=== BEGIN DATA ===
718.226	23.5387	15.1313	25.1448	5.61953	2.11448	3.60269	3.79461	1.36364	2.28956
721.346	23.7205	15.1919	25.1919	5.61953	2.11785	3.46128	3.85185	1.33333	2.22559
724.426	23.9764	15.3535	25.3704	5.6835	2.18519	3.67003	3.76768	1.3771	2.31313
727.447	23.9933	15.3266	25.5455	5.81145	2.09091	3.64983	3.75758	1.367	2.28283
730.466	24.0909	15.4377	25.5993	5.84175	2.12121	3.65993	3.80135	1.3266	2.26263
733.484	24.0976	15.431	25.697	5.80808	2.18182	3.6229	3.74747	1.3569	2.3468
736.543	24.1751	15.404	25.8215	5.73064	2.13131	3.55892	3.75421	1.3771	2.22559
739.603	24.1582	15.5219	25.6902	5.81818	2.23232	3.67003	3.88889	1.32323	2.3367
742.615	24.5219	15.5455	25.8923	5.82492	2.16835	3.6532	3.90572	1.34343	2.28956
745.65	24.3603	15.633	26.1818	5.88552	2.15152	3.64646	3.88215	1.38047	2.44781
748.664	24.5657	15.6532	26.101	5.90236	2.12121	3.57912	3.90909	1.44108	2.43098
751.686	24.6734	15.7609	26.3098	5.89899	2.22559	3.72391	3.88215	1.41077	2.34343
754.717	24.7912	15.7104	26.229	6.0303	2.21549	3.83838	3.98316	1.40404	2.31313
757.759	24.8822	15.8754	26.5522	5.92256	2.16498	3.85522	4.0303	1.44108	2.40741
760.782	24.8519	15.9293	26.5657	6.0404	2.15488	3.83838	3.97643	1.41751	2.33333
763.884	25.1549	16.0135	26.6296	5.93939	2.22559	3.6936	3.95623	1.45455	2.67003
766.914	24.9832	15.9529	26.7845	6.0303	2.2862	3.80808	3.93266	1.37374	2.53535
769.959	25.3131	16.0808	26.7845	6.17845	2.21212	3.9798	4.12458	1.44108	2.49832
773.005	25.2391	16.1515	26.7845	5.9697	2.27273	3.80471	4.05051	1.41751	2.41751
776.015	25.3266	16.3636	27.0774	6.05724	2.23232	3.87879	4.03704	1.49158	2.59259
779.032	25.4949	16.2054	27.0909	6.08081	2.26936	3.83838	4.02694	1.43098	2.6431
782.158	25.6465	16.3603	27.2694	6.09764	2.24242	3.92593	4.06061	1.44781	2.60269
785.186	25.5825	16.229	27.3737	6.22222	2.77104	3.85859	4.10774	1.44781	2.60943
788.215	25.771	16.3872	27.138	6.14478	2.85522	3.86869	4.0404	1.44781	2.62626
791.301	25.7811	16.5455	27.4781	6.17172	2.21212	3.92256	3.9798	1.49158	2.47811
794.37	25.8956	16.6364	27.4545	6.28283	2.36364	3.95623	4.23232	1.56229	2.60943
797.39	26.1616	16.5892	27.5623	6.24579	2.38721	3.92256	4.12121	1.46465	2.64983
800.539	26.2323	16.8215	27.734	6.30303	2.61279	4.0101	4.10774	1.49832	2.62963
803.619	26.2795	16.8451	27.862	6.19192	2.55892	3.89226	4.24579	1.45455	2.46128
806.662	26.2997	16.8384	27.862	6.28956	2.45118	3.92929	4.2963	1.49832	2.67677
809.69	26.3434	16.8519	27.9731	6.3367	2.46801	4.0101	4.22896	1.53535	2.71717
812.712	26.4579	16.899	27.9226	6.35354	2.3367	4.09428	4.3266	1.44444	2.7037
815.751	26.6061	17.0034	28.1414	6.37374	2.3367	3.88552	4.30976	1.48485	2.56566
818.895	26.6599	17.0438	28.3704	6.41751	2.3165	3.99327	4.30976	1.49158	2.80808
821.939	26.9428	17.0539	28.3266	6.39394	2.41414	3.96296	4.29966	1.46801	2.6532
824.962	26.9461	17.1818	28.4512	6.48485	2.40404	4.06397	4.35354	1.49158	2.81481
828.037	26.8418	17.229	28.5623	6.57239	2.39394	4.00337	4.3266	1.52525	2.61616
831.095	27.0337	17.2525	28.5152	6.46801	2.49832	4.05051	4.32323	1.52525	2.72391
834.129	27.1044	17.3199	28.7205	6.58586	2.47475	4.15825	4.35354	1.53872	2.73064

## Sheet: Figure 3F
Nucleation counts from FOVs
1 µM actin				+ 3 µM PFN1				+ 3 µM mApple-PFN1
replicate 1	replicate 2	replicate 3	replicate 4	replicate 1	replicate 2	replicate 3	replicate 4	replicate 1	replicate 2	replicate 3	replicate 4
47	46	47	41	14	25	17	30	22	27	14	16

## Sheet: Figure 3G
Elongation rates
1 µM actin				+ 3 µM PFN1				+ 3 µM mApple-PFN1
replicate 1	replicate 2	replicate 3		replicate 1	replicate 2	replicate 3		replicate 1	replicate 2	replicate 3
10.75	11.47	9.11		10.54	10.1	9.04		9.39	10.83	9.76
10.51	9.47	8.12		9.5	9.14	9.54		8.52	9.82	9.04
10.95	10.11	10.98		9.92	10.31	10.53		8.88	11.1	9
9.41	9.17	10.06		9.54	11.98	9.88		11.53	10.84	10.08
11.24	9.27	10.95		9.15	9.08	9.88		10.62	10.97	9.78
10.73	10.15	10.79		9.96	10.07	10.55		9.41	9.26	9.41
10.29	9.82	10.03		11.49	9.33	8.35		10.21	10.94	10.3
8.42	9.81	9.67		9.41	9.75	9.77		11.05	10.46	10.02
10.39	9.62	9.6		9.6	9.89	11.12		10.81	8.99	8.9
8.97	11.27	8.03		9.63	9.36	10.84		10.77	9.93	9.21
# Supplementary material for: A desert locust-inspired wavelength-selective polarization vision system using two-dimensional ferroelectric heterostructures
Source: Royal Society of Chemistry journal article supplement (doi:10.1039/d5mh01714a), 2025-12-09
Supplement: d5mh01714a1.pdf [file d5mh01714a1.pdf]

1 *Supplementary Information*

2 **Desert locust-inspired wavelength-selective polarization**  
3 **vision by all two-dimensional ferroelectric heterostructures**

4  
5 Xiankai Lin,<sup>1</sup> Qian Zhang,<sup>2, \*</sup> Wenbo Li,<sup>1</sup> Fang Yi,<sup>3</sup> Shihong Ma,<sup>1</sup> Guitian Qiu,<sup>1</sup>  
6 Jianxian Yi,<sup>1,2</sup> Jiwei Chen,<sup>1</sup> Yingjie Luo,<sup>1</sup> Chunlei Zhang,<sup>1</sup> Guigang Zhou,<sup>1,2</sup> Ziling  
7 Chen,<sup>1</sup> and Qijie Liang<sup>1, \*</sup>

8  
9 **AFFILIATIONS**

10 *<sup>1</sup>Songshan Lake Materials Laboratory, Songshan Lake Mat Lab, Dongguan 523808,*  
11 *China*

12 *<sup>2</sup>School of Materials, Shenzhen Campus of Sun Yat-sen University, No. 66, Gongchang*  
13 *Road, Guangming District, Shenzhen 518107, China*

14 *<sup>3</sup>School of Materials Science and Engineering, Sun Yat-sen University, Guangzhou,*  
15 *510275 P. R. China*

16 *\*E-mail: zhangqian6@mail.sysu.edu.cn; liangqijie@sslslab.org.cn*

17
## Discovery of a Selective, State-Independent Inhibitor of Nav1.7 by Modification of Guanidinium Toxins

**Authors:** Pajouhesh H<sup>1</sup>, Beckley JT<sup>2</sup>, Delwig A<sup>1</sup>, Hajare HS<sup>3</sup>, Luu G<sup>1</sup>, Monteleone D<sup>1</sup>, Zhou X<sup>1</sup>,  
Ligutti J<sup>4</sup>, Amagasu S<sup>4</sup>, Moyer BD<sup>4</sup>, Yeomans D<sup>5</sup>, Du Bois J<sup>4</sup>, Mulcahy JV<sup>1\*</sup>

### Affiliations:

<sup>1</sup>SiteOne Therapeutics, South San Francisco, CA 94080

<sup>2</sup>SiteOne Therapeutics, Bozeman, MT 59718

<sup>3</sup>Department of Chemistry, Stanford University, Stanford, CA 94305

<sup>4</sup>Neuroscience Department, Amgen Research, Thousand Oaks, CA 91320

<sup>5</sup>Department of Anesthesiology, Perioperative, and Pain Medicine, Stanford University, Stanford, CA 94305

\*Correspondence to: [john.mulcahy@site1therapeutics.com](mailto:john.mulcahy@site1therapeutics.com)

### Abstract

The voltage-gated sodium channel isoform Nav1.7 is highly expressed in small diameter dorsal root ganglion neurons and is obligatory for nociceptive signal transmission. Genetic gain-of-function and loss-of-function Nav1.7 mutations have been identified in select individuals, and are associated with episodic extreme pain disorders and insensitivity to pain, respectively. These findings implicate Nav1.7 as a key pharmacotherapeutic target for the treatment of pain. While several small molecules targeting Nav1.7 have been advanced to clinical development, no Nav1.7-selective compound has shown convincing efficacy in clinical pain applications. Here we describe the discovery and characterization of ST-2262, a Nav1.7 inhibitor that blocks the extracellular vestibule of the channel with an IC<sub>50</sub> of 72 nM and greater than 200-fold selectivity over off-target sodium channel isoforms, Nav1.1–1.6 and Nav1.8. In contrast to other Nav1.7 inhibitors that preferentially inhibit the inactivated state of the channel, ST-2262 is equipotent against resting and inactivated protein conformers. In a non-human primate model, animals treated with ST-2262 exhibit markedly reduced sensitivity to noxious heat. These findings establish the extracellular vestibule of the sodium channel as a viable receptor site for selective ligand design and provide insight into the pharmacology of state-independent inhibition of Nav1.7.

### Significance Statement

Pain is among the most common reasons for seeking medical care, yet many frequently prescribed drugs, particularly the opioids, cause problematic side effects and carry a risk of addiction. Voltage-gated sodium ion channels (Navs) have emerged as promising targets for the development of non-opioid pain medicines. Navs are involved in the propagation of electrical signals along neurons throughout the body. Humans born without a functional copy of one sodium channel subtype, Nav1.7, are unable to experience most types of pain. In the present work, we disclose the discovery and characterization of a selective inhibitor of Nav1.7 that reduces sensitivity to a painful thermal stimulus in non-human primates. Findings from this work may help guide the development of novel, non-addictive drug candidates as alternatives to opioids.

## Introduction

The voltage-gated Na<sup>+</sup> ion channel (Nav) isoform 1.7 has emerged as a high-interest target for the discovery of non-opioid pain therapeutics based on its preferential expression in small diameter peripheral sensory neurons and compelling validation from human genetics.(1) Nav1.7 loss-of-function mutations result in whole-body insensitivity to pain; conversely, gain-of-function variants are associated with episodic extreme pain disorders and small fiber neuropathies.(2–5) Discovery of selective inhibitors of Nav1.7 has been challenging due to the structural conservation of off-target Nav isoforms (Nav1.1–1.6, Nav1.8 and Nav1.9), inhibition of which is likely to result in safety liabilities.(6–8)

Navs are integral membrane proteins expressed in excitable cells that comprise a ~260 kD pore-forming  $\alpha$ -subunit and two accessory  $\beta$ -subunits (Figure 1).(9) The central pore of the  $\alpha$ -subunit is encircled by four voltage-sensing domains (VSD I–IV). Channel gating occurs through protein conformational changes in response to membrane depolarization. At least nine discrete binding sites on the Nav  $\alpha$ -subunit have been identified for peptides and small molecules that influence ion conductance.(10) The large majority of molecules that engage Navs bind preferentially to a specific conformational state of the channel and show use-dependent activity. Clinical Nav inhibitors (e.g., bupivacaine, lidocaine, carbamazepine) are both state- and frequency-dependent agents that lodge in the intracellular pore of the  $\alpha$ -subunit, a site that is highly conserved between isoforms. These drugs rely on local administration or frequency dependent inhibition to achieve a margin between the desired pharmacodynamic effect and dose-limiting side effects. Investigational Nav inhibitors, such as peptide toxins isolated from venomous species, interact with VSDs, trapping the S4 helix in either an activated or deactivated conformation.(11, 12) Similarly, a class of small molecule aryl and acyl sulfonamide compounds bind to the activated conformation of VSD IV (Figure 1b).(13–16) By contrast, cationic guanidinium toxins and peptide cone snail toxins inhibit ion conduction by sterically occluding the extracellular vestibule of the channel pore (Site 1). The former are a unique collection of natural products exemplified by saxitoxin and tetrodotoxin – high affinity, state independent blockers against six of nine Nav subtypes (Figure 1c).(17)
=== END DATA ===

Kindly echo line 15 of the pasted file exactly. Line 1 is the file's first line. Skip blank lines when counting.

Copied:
760.782	24.8519	15.9293	26.5657	6.0404	2.15488	3.83838	3.97643	1.41751	2.33333